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Wine has been a thing in the culinary world since ancient times. The prospect of pairing food with wine has promoted creativity among chefs, who then created many delicious recipes just so they can savor it with alcohol. However, wine drinking can be a pretty intimidating activity for many people, especially those who are not used to Western cuisine. The long list of unfamiliar names on the wine menu, the snobby impression of the drink, the lingering fear of ordering an expensive bottle, and not liking the flavor in the end – these are the many problems that people can face when choosing their wine.
That’s where the sommelier comes in, a wine expert who can recommend to diners what kind of wine to drink based on their meal, while still making sure that everything stays within the diners’ budget. Sommeliers worked tirelessly behind the scene to help in curating that list of wines in many high-end restaurants, and most of them would be very glad to help restaurant patrons with what to choose for their meals.
What is a sommelier?
A sommelier is an expert who has a wide knowledge of wine all around the world and has a seemingly uncanny ability to deduce the origin of a wine bottle just from a simple sip. While the word “sommelier” has existed since the 14th century, modern wine experts start to become a legitimate career around the 1950s. Today, sommeliers work in a wide variety of establishments, from wine shops, restaurants, and hotels, to managing wineries, and it’s not all about tasting and serving wine. A sommelier’s responsibility often includes:
- Sampling and evaluating wine
- Recommending wine to customers depending on their tastes and budget
- Managing inventory
- Coordinating with chefs to create wine menus that pair well with the food
- Training staff on wine and how to service wine
The complexity of wine means that there is no best wine, a sommelier doesn’t simply recommend the highest-quality wine that an establishment has to offer. A highly trained sommelier must be able to provide guests with a wide array of wine options that can pair well with their food while still being able to stay within an acceptable budget. Overall, the role of a sommelier today is almost on par with an executive chef or chef de cuisine.
However, knowledge and tasting skills aren’t exactly the most important aspect of being a good sommelier. In fact, personality and presentation skills can play an extremely large role in a sommelier’s job. Zack Charilaou – an award-winning sommelier, said that the ratio of importance between personality versus knowledge is 80/20. “If you’re a good talker and someone who can break down quite a difficult, pretentious subject into something a lot more accessible and easy to understand, you’d make a good sommelier,” Mr. Charilaou said in an interview with The Guardian.
Despite the glamorous title and job description, being a sommelier is an extremely stressful job. They have to work the long hour of a restaurant job, as well as keep their knowledge fresh by constantly updating themselves with the latest trend and development in the global wine culture – quite ironic for an industry that’s all about a drink that gets better the older it is. Despite these difficulties, the pay is very much worth it, as sommeliers are considered to be one of the highest paying jobs in the restaurant industry. According to Binwise, the lowest level sommelier can make about $55,000 a year, while advanced sommelier can make somewhere around $87,000 a year, which can take years to achieve. Master sommelier, the highest, most prestige certification in the industry, is in a league of its own, as they can potentially make about $164,000 a year.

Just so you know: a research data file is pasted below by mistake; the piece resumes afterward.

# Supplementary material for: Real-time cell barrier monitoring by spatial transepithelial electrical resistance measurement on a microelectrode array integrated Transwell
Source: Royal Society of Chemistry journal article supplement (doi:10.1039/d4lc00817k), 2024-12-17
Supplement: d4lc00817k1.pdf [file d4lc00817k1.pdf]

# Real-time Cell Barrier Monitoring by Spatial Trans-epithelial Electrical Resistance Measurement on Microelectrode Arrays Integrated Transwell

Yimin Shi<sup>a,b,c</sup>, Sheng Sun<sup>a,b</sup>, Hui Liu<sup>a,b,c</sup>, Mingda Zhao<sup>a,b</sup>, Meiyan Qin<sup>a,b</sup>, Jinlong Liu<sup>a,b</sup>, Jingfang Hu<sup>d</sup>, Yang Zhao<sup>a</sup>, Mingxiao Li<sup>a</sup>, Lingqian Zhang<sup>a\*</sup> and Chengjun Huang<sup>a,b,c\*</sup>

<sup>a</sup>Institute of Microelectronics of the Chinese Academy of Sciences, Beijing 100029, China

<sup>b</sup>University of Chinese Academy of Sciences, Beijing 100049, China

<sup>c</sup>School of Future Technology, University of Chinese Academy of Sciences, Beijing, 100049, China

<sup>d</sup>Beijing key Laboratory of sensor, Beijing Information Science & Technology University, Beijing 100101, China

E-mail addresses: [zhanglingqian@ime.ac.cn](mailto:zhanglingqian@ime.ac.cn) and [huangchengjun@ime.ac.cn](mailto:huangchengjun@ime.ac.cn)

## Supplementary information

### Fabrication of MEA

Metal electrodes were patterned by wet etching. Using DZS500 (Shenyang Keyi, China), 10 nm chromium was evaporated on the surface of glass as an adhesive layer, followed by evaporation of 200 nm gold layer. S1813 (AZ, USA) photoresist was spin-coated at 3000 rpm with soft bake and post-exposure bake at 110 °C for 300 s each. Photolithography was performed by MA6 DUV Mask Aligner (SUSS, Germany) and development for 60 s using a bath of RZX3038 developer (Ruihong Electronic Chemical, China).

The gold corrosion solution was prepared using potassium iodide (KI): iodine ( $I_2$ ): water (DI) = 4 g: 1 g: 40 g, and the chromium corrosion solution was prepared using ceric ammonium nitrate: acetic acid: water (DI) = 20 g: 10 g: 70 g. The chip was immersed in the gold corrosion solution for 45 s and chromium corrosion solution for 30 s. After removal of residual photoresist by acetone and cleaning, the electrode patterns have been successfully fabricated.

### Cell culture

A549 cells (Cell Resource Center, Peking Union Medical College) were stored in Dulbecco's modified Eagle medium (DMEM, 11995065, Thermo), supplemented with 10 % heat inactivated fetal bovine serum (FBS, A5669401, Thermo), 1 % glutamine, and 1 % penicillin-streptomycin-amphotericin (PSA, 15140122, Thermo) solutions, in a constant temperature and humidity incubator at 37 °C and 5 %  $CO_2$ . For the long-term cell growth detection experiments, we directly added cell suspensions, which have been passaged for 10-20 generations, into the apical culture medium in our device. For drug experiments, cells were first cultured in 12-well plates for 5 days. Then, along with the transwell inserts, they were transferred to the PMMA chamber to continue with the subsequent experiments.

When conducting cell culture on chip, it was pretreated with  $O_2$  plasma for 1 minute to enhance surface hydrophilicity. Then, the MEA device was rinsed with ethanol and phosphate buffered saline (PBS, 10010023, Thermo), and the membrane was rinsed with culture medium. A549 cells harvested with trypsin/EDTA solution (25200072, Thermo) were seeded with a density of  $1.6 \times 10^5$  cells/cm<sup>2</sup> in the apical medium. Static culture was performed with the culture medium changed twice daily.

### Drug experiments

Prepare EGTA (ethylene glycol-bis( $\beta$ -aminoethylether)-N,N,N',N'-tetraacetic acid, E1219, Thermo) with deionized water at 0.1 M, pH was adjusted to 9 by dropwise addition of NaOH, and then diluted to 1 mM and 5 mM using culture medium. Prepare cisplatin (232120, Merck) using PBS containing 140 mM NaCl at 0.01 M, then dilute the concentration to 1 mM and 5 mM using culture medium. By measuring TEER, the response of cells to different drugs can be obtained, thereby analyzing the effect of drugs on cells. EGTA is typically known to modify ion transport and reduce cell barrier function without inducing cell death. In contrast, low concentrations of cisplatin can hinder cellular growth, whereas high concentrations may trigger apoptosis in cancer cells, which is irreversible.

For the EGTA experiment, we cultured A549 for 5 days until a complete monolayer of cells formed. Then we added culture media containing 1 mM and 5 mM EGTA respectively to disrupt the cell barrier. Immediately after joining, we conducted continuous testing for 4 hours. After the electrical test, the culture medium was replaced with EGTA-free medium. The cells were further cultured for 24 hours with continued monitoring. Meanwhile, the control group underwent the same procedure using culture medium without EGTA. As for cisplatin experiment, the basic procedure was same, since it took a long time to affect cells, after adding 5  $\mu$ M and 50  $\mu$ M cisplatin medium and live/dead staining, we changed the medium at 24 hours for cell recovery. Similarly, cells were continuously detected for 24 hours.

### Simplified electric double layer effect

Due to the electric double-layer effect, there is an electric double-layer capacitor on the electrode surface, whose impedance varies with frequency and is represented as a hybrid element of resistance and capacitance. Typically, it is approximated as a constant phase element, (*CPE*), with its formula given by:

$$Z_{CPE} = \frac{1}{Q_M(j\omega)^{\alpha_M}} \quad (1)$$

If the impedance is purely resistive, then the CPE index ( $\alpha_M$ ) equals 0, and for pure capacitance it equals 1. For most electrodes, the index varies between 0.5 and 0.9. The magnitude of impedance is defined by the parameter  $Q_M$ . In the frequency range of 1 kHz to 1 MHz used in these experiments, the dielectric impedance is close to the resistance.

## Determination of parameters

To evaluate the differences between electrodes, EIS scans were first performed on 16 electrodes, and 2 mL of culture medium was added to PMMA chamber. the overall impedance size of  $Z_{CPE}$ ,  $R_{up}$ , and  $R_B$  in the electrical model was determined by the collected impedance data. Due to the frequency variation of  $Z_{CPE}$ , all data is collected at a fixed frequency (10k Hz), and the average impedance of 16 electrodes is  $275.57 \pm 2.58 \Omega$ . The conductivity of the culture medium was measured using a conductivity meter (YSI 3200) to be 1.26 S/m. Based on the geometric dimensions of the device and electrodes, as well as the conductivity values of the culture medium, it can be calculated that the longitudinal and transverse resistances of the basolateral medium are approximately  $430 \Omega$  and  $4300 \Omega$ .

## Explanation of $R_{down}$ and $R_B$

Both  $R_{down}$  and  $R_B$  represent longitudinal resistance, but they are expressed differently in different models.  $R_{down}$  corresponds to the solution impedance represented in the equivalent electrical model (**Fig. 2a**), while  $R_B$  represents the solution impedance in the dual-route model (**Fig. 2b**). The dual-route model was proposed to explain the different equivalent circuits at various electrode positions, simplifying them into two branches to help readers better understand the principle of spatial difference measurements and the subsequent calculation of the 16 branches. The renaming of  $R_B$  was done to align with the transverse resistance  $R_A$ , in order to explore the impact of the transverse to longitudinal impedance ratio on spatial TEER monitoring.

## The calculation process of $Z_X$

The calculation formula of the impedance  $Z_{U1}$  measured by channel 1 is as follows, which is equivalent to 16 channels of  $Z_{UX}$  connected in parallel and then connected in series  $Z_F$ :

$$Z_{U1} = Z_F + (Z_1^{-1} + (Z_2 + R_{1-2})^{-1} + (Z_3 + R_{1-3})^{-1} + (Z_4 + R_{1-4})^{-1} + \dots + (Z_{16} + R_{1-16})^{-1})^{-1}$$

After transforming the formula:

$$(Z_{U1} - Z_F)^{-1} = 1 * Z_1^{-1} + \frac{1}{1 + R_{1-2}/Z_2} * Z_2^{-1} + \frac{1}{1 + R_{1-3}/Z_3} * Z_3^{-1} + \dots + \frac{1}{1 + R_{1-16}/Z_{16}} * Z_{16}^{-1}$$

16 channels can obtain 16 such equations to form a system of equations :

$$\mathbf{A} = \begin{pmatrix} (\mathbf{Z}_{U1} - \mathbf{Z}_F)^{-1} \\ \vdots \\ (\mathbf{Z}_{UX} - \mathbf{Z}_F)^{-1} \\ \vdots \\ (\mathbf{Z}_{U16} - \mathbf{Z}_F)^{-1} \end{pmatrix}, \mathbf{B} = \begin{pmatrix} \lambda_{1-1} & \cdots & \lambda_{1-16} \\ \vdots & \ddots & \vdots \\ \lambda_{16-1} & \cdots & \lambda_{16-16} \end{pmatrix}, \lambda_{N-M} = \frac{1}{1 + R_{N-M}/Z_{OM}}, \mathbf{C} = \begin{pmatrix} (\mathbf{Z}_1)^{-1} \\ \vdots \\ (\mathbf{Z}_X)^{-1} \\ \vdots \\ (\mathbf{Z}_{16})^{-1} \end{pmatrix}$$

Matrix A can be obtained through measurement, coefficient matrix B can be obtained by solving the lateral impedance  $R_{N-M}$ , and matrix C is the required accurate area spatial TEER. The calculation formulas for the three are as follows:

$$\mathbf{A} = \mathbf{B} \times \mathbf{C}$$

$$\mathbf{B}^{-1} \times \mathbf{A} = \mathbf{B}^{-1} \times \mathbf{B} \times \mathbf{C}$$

How to become a sommelier
Becoming a sommelier is no easy task because they are required to have in-depth knowledge about wine, not just the drink itself, but the process of making and preserving wine, prominent wine regions around the world, the best weather condition, etc. You could consider sommelier as a multifaceted job, combining agricultural, culinary, chemistry, geography, and hospitality knowledge. Not just theories and facts, sommeliers must also hone their wine-tasting senses. With enough training, a sommelier can deduce a wine’s date of production, which region it came from, what kind of grape was used, etc. all from a mere sip.
There are wine schools all around the world that can provide training for aspiring sommeliers as well as official certification. Usually, there are three or four levels of certification and can take upward to one year for a person to become a certified sommelier. It is recommended for anyone interested in this field to have at least three years of experience in the beverage industry.
Sommelier in Vietnam
In Vietnam, sommeliers are still a rare sight to see. A reason for this is that Vietnam has a very limited wine culture. Up until 1999, there are no wine manufacturers in the country, and all bottles are imported, so wine is often associated as a high-class, expensive drink, reserved for special occasions. However, this view gradually changes with the invention of Vang Dalat – the first-ever Vietnamese wine that gave birth to the wine industry in Vietnam. This, in turn, create a demand for sommeliers, as more and more people got into wine drinking. However, until a few years ago, there was no wine school in Vietnam, so the only way for aspiring sommeliers to get themselves certified is to study oversea, which severely limited the industry’s growth.
Mr. To Viet, a member of Association de la Sommellerie Internationale and one of the few pioneers of the sommelier industry in Vietnam, said that people still see sommelier as “a lazy job with no value.” However, the industry is still young, so just like the drink itself, it will mature in time, as more and more young people become interested in learning about the rich history of wine.